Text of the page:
Our Applied Behavior Analysis (ABA) services are specifically tailored to each learner to focus on building skills that will have a meaningful impact on their ability to meet their personal goals, participate with their same-age peers as independently and effectively as possible, and include learners’ voices throughout the process. Where APL's educational department will primarily focus on academic skill growth, the Roots Clinic simultaneously embeds learning and skill development opportunities to promote better attending, communication and self-advocacy, emotional and behavioral regulation, social relationship building, and independence with navigating the learning environment. In addition to this, Roots Clinic has a foundation in positive behavior support and an approach that emphasizes least to most restrictive intervention. Our ABA is social model first that meets medical model compliance.
Our services include scaffolding support and training for teachers based on observational assessment of the classroom. It also includes individualized programming, incorporating rigorous assessment tools, ongoing treatment planning, and monitoring for students who receive ABA services through The Roots Clinic. The common thread across all of our services is that they are provided in the school environment. Providing intensive behavioral therapy in this environment supports students in accessing the academic curriculum, while continuing to acquire communication, social, and executive functioning skills that ensure optimal individual progress. Because our goal is to embed every possible learning opportunity in the context at hand, we place a high priority on coordination of care, including parent education and collaboration with other providers on the student’s team both inside and outside our walls.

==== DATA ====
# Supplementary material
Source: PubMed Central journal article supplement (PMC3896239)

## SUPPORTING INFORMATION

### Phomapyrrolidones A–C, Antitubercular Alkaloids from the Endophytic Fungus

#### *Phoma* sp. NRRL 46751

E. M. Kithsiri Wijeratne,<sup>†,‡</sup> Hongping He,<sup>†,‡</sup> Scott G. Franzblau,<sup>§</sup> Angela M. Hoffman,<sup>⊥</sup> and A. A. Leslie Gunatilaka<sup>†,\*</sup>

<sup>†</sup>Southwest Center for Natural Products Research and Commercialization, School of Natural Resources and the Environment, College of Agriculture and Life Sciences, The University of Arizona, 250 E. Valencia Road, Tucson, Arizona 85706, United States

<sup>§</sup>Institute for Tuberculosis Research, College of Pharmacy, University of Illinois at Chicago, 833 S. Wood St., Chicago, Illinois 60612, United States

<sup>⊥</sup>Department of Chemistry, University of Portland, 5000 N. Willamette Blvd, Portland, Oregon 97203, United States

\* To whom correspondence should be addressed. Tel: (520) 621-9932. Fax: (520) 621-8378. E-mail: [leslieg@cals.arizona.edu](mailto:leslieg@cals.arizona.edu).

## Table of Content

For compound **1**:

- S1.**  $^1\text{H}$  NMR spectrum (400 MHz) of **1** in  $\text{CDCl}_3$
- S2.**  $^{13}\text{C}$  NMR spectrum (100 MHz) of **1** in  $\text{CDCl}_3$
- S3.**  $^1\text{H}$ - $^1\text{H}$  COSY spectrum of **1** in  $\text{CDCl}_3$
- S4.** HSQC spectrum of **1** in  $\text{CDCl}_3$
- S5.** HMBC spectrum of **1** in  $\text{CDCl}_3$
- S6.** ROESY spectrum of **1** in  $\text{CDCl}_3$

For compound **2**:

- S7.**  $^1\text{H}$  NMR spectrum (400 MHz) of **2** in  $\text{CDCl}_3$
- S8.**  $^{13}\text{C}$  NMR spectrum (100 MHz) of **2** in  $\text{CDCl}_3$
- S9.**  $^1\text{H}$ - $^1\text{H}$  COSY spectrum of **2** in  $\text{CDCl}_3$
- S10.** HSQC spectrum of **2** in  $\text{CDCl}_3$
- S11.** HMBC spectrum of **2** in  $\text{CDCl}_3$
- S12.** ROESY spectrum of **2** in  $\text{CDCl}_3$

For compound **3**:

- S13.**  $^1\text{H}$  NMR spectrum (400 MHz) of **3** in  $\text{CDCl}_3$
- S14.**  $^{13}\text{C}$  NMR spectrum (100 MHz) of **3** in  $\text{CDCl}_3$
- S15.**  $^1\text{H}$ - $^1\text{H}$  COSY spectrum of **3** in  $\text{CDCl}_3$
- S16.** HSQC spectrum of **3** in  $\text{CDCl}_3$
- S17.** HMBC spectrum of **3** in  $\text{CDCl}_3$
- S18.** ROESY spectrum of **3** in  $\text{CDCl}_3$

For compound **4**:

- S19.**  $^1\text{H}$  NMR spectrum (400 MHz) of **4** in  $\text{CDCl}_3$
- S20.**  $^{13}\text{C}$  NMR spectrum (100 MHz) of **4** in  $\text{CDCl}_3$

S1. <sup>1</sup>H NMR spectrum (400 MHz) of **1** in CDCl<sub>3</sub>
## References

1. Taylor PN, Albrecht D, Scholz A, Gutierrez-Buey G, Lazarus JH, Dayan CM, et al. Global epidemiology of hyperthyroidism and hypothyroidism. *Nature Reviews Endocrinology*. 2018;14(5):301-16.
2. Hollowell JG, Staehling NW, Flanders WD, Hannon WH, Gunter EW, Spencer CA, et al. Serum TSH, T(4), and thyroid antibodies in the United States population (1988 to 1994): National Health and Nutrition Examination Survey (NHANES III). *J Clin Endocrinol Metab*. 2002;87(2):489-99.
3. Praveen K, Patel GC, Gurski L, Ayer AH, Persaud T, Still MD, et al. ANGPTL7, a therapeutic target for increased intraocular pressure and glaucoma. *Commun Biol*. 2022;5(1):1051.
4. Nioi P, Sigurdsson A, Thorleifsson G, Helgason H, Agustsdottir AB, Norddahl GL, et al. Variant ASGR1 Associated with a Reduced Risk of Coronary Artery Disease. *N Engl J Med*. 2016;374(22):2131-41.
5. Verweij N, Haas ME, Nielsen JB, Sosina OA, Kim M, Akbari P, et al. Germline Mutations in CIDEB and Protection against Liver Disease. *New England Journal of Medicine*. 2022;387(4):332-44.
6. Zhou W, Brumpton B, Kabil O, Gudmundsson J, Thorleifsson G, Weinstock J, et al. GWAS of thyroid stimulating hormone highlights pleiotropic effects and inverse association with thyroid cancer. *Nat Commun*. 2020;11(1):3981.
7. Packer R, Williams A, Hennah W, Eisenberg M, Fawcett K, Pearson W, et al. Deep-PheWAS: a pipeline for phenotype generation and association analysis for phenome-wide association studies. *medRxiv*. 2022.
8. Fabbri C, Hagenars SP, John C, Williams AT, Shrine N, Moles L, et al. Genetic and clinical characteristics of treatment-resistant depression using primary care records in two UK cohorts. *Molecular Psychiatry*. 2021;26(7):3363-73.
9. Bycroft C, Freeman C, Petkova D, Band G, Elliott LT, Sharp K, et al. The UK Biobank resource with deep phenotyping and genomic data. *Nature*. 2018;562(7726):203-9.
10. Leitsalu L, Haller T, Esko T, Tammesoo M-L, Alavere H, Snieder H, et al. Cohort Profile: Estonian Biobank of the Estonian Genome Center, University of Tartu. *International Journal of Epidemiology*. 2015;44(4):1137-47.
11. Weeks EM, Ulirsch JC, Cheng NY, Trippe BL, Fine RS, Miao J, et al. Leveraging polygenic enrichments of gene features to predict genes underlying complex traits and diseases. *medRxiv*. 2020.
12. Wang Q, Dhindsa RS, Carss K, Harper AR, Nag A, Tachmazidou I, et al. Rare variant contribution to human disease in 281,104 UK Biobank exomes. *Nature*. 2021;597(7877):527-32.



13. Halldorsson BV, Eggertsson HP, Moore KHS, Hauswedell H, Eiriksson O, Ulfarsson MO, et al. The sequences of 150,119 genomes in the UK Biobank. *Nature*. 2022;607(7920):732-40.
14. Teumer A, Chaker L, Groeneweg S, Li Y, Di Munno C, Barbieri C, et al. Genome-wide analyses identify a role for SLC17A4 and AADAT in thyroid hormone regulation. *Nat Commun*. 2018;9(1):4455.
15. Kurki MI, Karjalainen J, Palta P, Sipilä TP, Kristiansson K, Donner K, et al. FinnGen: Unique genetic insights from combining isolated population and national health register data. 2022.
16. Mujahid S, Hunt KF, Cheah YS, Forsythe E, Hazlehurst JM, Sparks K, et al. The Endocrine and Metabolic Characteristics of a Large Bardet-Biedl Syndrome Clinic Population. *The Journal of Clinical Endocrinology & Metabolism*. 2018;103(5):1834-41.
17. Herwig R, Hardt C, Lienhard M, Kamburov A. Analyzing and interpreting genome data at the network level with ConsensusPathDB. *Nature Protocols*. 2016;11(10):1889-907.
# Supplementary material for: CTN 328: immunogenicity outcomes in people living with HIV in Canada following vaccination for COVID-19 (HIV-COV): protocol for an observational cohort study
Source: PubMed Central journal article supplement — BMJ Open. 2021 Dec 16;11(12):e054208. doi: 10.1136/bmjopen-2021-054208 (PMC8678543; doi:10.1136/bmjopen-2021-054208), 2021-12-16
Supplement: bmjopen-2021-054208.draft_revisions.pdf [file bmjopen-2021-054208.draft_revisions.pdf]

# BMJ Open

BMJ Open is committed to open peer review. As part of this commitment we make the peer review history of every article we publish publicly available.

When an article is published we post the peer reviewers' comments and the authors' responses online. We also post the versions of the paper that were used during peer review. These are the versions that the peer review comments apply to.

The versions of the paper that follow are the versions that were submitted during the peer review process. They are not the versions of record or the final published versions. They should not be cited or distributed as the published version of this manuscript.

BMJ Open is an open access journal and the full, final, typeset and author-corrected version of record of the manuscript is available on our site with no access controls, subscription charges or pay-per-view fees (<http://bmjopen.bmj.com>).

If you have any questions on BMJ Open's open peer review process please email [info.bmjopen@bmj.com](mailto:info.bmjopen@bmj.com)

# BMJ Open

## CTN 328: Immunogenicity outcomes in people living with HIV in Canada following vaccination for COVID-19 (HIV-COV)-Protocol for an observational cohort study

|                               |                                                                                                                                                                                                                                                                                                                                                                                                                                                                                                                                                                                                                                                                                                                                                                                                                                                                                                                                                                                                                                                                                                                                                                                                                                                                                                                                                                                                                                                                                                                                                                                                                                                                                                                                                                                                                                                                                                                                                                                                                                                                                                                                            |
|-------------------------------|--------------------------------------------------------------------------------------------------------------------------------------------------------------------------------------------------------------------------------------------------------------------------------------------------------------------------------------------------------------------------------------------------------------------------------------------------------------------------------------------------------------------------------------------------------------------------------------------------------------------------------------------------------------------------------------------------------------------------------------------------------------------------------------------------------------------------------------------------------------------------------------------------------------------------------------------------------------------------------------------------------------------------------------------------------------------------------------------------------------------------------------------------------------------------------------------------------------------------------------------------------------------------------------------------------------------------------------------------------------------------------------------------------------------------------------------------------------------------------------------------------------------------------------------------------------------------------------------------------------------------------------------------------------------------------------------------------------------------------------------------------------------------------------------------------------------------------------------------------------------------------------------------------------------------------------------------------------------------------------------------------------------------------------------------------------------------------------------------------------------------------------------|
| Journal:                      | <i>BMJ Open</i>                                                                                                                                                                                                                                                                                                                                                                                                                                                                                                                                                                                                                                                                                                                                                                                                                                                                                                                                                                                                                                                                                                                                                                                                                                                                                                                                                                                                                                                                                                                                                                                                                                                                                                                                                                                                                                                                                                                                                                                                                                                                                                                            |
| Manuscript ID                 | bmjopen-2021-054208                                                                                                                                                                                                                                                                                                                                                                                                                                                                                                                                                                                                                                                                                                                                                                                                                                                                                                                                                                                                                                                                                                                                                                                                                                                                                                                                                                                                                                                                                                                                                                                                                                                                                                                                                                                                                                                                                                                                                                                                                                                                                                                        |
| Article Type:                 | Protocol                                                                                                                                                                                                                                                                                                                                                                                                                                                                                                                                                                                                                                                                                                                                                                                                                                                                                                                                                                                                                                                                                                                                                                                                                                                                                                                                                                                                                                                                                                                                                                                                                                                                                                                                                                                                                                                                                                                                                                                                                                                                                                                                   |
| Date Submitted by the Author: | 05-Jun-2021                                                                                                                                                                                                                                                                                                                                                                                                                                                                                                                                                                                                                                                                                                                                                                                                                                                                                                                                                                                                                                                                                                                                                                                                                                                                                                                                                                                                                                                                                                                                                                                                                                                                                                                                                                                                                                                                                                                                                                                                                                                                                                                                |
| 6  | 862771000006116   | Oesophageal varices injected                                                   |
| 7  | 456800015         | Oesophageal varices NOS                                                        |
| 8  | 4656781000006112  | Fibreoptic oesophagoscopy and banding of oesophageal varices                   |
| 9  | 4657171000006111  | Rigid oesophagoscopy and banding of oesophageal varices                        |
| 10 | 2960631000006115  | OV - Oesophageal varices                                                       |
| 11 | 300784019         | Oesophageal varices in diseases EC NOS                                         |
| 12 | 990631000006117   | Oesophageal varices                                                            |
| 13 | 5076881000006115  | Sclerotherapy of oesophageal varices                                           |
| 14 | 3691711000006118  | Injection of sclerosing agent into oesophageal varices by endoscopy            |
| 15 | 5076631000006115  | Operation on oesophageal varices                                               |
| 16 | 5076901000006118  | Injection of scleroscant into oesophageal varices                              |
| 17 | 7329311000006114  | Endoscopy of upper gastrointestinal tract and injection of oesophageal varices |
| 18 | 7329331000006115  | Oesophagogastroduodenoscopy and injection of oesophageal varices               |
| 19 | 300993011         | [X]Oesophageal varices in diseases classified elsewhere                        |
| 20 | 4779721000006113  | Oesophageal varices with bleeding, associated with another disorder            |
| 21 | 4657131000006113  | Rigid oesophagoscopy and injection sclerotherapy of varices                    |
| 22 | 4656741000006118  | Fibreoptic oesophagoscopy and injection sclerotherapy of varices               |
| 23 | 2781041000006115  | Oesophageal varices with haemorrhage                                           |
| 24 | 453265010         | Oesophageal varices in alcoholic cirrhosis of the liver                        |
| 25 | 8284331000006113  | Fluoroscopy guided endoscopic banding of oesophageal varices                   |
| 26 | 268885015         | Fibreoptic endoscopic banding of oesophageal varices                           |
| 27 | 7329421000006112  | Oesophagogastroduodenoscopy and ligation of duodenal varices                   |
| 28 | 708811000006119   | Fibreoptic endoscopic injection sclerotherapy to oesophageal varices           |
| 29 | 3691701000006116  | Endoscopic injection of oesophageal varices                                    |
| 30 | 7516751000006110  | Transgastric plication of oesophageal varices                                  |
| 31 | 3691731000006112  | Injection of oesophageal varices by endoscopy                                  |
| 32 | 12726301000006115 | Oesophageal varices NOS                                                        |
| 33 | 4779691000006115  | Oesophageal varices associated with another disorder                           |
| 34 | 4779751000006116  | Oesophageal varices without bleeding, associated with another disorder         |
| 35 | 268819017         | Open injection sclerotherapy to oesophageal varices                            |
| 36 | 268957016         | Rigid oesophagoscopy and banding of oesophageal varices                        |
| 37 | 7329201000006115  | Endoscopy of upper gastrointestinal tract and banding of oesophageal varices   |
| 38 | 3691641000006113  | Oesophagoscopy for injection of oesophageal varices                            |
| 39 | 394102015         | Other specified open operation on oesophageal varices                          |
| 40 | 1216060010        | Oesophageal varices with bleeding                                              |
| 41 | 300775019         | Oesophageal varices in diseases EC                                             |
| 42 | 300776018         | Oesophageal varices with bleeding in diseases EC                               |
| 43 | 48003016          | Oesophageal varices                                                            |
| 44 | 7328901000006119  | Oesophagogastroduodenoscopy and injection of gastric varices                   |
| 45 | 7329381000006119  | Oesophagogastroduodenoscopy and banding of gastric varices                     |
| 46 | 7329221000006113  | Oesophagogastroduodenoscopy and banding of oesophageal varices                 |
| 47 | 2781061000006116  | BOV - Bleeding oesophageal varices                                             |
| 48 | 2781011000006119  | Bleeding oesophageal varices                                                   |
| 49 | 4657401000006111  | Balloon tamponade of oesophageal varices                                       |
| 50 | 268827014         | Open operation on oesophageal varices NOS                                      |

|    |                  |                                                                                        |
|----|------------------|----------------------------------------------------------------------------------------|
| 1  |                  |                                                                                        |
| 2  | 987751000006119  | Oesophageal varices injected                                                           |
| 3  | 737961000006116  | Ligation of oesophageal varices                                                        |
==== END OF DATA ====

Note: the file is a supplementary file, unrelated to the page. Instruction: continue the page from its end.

Our Talented Team
Board Certified Behavior Analysts (BCBAs) supervise programming by conducting criterion-referenced assessments, developing and overseeing the quality and direction of therapy programs, consulting with family members and other caregivers to provide guidance and ensure progress, analyzing data, and calibrating programming as needed. BCBAs also maintain active credentialing with the state as Licensed Behavior Analysts (LBAs).
Behavior Technicians (BTs) implement the programming that is created by the BCBAs. These are the frontline staff engaging in the daily rapport-building and therapy work with our students. Most BTs full-time staff, allowing them to be members of the classroom team along with teachers and the BCBA, and are considered integral to the community. BTs undergo a variety of training experiences during their first few weeks and months at APL, culminating in eligibility to apply for a credential with the state as Certified Behavior Technicians (CBTs). BTs are supervised “live” constantly during their training time and maintain a high level of supervision after being certified as well.
Supervision is provided by the BCBA and can consist of face-to-face time or direct therapy sessions with your child as well as non-direct services such as review and analysis of program data, progress reporting on treatment plan goals, and instructional planning related to how programs are carried out in daily therapy sessions by the BT (Behavior Technician). Supervision occurs regularly, on a minimum weekly or biweekly basis.
The bulk of services that your child or adolescent will receive consist of direct therapy by a BT. In direct therapy, work on treatment plan goals is carried out and facilitated by the BT. The BTs also monitor their own instructional actions, learner performance, and learner progress via daily data collection. Progress is graphed to allow the BCBA to visually analyze data efficiently and provide feedback and changes to programming as needed. Direct therapy may look different in action from child to child and can also vary greatly across age groups. Therapy can consist of 1:1 individual table work in which skills are practiced with the BT, or embedded practice on skills where the BT is providing prompting and support to the child in the context of their academic activity (such as math class) or classroom activity (such as recess). Often, especially in therapy sessions with middle school and high school age clients, the BT’s support may be systematically faded to be less intrusive while continuing to generalize skills towards independence.